Zimory GmbH, a Berlin-based cloud computing company, is looking at listing its shares in the United States in 2013, its CEO said, potentially joining a wave of market newcomers in a hot sector that has also sparked a flurry of deals involving some of the biggest technology names.

Zimory, partly owned by venture capital firm Creathor Venture, Deutsche Telekom's T-Venture unit and German development bank KfW Bankengruppe, said its investors are considering a number of exit options.

One option, by 2013, that we are really considering seriously is to run an IPO, to get more access to equity and gain public visibility, CEO Rüdiger Baumann told Reuters in a telephone interview.

If the company, which was founded four years ago, decides to go public, it would list in New York as IPO deals in the United States are more fruitful, Baumann said.

Currently, 60 percent of the cloud computing market is focused in the United States, and this is also the largest territory of potential investors.

The move to cloud computing -- an increasingly popular technology that allows remote access to computing power and data over the Internet -- is also spurring merger activity.

Technology giants Hewlett Packard, Dell Inc and IBM have been on a buying spree to boost their presence in cloud computing and services, and several deals have involved unlisted companies.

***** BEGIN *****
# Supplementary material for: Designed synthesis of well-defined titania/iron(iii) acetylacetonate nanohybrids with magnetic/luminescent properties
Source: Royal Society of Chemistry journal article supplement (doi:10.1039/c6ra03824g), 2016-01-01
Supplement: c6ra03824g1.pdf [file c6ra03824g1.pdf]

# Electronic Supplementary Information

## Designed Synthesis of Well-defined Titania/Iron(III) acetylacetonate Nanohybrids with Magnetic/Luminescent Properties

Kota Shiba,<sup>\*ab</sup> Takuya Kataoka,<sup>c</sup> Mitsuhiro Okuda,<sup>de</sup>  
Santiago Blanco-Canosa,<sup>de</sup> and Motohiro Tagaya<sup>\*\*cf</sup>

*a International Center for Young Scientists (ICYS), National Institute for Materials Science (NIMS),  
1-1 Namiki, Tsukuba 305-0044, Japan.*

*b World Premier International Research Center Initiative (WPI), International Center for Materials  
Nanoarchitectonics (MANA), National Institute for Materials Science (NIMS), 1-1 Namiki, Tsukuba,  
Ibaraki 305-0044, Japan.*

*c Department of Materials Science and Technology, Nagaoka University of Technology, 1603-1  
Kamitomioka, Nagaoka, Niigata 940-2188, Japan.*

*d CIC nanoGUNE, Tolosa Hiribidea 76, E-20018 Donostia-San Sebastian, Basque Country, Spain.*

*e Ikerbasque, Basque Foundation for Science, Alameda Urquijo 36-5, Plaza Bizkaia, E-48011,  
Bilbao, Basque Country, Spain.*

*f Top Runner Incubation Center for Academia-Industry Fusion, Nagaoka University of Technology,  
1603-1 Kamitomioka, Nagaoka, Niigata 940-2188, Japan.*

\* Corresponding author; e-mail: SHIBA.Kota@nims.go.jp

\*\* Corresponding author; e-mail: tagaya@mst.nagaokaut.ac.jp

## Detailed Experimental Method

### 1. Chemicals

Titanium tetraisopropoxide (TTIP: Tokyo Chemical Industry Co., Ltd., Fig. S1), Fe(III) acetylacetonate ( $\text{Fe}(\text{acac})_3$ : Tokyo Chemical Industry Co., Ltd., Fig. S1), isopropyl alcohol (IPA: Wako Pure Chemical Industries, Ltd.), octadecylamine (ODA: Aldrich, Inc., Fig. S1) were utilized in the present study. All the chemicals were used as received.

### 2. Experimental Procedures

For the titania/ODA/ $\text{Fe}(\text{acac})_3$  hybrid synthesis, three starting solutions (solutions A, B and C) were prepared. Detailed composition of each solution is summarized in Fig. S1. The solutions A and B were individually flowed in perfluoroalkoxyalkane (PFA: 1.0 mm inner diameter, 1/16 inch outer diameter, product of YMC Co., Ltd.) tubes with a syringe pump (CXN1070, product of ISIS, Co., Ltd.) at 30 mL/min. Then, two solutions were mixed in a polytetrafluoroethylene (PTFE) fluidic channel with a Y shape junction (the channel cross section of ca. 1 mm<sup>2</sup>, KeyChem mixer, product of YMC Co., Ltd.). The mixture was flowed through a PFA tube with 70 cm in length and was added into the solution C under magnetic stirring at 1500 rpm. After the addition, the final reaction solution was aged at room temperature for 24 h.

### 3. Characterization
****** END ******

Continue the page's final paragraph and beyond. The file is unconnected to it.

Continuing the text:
The buzz helped the $119 million IPO of Servicesource, which provides cloud applications and services to technology companies. The company sold its shares in March for more than it had initially expected, and saw its value rise 22 percent when it made its trading debut on Nasdaq.

This month has seen another cloud services company file for an IPO. Intelepeer, which provides cloud based communication services, said it was looking to raise up to $100 million in its first foray on the public markets.

Zimory's Baumann said the company would have to make some internal changes if it were to list in the United States.

We need to change our book-keeping from German standards to US GAAP, and we need a presence in the U.S. So we need to do a couple of things first before we are capable to run an IPO there, he said.

(Reporting by Jochelle Mendonca and Siddharth Cavale in BANGALORE, Editing by Ian Geoghegan)